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Everyone has a name for every position where they place a flash on location and in the studio. But not everyone agrees on every name and this jargon can be sort of confusing.
Before we get started today, for the purpose of this discussion, we’re going to talk about lighting positions as hours on a clock with the photographer standing at 6 o’clock and the subject in the middle.
The key light or main light got their name because they are the key or main light in your set up. It’s normally going to be the light hitting your subject’s face and it’s brightness is going to determine your exposure. Often times people will use a softbox or beauty dish for this type of light.
The key light is usually going to be somewhere between four and 8 o’clock and if you’re using a beauty dish it doesn’t have to be at 6 o’clock, it can be wherever you wanna put it, it’s just a modifier like every other modifier after all.
And if you place your key light at 3 o’clock or 9 o’clock it will often be referred to as a side light, which will result in split light, where only half of your subjects face is illuminated. I’m personally not a fan of this type of lighting, so you won’t see it very often on my timeline, mostly because I want there to be light on both of my subjects eyes. Side lighting can be very unflattering for people with bad skin, because it will show all the texture in their complexion.
The phrase “key light” should not be confused with “high key lighting,” which just means that you have a low contrast scene that’s fairly evenly lit, probably with two equally bright key lights, one on your left and one on your right.
Fill is simply a light that you use to fill in the shadows of your scene. Often times it’s going to be in a soft modifier and a lot darker than your key or main light and the reason is so that it doesn’t end up creating its own shadow and it fills in the shadows from your other lights more evenly. You can also bounce a hard light off of a ceiling or a Vflat.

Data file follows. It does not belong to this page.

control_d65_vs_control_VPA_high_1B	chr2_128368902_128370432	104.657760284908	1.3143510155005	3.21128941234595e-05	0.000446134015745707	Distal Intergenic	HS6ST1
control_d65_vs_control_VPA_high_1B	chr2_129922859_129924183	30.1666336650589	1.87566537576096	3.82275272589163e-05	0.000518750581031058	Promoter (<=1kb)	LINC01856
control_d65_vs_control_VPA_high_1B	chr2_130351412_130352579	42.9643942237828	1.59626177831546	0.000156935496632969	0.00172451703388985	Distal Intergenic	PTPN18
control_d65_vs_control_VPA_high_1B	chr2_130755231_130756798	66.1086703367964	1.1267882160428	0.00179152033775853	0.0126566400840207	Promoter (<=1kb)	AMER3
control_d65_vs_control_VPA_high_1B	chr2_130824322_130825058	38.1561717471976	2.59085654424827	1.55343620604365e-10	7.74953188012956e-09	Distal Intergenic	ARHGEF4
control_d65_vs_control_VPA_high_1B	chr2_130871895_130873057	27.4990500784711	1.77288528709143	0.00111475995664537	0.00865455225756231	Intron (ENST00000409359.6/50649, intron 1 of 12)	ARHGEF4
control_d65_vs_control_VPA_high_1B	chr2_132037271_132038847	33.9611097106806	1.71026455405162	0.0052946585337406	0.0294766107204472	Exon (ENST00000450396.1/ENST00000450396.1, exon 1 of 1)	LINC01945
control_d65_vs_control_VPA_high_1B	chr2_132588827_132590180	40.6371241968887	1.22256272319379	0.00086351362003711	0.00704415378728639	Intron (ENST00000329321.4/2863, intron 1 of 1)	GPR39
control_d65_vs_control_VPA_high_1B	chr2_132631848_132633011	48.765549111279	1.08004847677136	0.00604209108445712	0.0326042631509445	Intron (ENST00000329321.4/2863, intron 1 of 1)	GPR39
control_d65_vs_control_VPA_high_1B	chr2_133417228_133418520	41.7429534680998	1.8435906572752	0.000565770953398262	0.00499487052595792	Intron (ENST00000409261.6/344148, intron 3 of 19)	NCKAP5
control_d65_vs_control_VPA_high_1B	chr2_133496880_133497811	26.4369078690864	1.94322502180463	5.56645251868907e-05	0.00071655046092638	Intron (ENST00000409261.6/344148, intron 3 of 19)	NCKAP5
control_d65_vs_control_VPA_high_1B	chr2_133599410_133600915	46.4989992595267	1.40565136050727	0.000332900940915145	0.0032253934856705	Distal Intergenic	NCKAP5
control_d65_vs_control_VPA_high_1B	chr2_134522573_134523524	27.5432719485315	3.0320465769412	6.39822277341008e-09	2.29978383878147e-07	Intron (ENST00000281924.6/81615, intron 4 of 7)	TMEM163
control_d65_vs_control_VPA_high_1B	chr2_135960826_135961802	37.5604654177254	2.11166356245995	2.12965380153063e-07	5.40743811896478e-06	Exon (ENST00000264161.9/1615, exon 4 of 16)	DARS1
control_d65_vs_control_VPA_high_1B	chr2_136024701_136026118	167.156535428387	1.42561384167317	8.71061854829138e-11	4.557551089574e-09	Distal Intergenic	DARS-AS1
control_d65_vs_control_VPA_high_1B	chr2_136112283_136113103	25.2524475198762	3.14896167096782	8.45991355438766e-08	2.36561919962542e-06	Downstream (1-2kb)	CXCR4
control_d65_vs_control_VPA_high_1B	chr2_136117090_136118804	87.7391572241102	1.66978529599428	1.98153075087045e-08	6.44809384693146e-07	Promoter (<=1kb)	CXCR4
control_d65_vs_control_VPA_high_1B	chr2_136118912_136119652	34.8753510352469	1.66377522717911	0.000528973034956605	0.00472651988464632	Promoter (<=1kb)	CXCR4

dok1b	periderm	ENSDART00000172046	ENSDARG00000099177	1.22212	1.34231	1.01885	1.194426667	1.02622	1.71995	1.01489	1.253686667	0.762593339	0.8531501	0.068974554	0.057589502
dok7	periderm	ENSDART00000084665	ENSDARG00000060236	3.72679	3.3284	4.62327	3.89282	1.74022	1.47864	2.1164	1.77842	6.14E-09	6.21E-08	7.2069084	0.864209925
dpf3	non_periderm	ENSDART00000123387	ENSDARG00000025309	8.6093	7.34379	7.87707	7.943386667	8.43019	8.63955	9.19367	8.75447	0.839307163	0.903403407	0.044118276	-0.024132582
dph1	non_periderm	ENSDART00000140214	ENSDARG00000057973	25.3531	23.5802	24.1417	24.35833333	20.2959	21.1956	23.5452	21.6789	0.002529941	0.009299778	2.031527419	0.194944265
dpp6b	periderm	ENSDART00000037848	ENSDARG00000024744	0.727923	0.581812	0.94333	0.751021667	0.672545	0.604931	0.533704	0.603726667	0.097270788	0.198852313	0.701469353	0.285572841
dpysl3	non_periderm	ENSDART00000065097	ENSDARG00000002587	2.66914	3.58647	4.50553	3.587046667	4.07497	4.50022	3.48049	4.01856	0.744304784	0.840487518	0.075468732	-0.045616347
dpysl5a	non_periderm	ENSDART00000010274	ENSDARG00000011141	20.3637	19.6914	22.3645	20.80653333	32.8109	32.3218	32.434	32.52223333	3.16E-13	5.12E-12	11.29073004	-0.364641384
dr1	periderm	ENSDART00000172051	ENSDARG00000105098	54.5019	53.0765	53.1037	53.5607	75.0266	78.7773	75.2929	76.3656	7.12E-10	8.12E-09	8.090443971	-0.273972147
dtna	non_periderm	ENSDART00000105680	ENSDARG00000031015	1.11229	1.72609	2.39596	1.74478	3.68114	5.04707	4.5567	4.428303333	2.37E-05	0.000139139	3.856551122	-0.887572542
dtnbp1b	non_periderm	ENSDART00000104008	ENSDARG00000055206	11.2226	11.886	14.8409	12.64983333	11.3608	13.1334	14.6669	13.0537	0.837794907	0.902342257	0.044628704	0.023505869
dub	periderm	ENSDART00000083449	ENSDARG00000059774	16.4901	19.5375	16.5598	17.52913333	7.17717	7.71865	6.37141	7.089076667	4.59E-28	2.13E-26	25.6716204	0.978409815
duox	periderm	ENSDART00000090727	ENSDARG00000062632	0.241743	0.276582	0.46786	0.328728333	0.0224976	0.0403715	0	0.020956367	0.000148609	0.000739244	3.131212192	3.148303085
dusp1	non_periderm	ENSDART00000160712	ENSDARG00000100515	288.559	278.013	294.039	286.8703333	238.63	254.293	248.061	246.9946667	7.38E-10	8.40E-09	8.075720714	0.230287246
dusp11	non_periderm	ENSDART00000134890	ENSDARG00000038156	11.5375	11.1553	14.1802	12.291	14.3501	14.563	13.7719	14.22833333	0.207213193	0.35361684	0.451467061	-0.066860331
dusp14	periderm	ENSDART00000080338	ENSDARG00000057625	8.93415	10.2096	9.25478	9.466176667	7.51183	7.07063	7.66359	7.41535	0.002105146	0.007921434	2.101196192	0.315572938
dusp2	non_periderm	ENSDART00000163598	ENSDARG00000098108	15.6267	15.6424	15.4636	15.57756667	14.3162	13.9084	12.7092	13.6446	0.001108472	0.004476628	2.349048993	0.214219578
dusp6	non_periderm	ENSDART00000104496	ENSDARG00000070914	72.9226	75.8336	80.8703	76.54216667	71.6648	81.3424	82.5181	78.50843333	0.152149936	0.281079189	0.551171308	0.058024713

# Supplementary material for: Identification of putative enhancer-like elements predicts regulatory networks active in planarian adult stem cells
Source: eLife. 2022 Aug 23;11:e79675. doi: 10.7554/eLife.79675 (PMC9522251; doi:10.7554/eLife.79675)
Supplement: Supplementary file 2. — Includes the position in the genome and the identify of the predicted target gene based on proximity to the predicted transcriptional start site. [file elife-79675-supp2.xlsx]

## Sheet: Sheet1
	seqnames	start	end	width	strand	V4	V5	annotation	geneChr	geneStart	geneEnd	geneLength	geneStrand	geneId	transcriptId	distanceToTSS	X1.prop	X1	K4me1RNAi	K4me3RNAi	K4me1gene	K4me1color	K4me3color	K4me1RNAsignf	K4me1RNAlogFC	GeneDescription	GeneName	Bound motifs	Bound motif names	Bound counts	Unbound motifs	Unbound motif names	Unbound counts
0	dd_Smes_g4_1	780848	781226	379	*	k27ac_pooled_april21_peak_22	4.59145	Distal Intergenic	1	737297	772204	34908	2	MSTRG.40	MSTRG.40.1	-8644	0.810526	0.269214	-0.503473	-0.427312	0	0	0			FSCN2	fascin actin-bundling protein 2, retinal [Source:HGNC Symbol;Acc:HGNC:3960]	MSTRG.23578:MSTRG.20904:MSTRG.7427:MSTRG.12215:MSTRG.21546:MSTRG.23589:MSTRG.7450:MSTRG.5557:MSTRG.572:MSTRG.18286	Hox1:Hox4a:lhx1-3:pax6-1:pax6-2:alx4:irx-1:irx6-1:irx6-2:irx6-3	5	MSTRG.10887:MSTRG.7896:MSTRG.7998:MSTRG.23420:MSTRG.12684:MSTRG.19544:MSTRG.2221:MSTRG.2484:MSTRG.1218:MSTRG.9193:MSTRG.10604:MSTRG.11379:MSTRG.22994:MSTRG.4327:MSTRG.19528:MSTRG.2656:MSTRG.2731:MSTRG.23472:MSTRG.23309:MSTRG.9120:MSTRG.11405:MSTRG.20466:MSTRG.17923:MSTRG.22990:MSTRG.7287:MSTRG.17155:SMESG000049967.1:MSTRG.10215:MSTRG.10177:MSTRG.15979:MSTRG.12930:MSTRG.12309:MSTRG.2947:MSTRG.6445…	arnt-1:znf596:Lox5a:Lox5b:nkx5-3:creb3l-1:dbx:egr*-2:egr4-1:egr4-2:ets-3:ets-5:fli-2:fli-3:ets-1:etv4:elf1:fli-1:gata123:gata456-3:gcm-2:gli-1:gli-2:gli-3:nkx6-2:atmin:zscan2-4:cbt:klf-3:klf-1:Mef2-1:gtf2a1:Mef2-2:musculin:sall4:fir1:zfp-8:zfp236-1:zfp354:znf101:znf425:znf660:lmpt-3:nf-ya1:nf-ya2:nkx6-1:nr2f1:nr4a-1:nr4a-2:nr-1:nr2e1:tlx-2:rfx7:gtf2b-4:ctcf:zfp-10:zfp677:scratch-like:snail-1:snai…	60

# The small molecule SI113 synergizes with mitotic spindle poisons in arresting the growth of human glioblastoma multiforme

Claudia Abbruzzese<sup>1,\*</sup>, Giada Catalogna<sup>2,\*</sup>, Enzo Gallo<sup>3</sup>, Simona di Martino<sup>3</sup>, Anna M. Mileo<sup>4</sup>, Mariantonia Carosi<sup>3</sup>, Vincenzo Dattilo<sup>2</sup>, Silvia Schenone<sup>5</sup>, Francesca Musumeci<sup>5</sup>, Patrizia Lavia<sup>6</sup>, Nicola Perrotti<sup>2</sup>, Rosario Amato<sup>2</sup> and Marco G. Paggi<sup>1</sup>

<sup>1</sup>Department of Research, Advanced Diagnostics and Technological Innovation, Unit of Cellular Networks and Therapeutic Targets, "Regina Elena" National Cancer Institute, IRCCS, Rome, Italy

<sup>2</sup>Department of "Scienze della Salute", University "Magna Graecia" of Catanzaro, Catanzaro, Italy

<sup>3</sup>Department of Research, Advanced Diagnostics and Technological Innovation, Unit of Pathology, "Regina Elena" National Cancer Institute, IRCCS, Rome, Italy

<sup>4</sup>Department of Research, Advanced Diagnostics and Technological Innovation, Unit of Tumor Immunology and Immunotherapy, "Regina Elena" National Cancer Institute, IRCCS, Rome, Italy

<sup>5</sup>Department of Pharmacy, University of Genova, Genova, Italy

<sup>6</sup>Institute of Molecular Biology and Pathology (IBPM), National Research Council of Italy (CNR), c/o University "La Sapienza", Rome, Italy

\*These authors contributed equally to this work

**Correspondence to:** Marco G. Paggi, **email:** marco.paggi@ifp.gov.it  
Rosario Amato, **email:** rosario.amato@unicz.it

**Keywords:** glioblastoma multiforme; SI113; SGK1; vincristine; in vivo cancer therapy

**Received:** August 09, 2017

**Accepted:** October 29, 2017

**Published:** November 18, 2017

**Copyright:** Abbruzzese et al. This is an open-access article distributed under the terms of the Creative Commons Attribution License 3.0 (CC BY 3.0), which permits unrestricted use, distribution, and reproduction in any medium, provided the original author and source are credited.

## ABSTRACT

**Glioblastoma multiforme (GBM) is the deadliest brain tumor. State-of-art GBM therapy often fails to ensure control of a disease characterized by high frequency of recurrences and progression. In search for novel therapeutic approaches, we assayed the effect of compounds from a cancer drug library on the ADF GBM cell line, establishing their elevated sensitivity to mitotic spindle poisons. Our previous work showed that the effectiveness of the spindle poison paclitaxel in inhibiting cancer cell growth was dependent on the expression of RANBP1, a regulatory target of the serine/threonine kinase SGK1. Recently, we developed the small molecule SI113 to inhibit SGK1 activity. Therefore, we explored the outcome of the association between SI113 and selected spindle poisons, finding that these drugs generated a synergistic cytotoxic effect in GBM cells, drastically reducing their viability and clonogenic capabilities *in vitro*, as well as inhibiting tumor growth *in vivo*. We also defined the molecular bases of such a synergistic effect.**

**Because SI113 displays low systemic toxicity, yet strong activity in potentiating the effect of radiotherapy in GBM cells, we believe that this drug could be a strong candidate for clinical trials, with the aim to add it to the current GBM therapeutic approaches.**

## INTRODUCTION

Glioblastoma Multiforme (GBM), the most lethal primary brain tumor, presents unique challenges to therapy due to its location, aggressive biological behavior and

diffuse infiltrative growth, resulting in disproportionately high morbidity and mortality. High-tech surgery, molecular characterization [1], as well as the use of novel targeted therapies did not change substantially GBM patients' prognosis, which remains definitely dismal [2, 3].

A rim light is a light that creates a rim around your subject. Normally it’s going to be placed at 12’o clock behind your model and its position will be obscured by their head or body so that you don’t end up seeing it in the camera. This light is going to create a halo around there figure and maybe some of it will wrap around a little bit if they move slightly to one side. But the point of this light is to separate the subject from the background.
Kicker = edge
Some people like to interchange the words rim light, kicker and edge light. The purpose of this type of light is to “edge out” your subject by creating a highlight around the edge of their body and or head on the same side that you’ve placed this “kicker. This will separate your subject from the background and also add some three dimensionality to your shot. I personally think that the phrase rim light should only used for a light placed at 12 o’clock, whereas an edge light or a kicker can be placed at anywhere between 2 o’clock and 10 o’clock, but not 12.”
If you want to control the light of your background, you’re going to need a background light. You can do this with anywhere between one and four lights. I’m sure some industrious person could find a reason to use more.
So if you want to use one background light, it’s very common to place it behind your subjects at 12 o’clock pointed at 12 o’clock. if you point near the bottom of the background, it’s going to create a gradient from the bottom to the top, if you point it at the middle of the background it’s going to create a circle of light right behind your subject. Most people will use a small reflector, some will use a grid and others may mix it up with a gel.
If you want to light your background more evenly, you could use two lights one on each side — one low and one high pointed generally at the center of the background, left to right, which will do a pretty good job. But if you want to light a white background extremely evenly some people will use four lights and umbrellas, one high and one low on each side. You’ll also see photographers shine one or two light into a v-flat, on each side of the backdrop.
A few years ago someone was assisting me and he thought that a hair light was a light that lit the front of the persons hair, which I could totally understand.
The hair light is simply a light that you place at 12 o’clock above your backdrop or bloomed above and behind your subject, pointing down towards the top of their head, in order to create a highlight that will separate them from the background. It will also probably preserve detail in their hair that otherwise would have disappeared.
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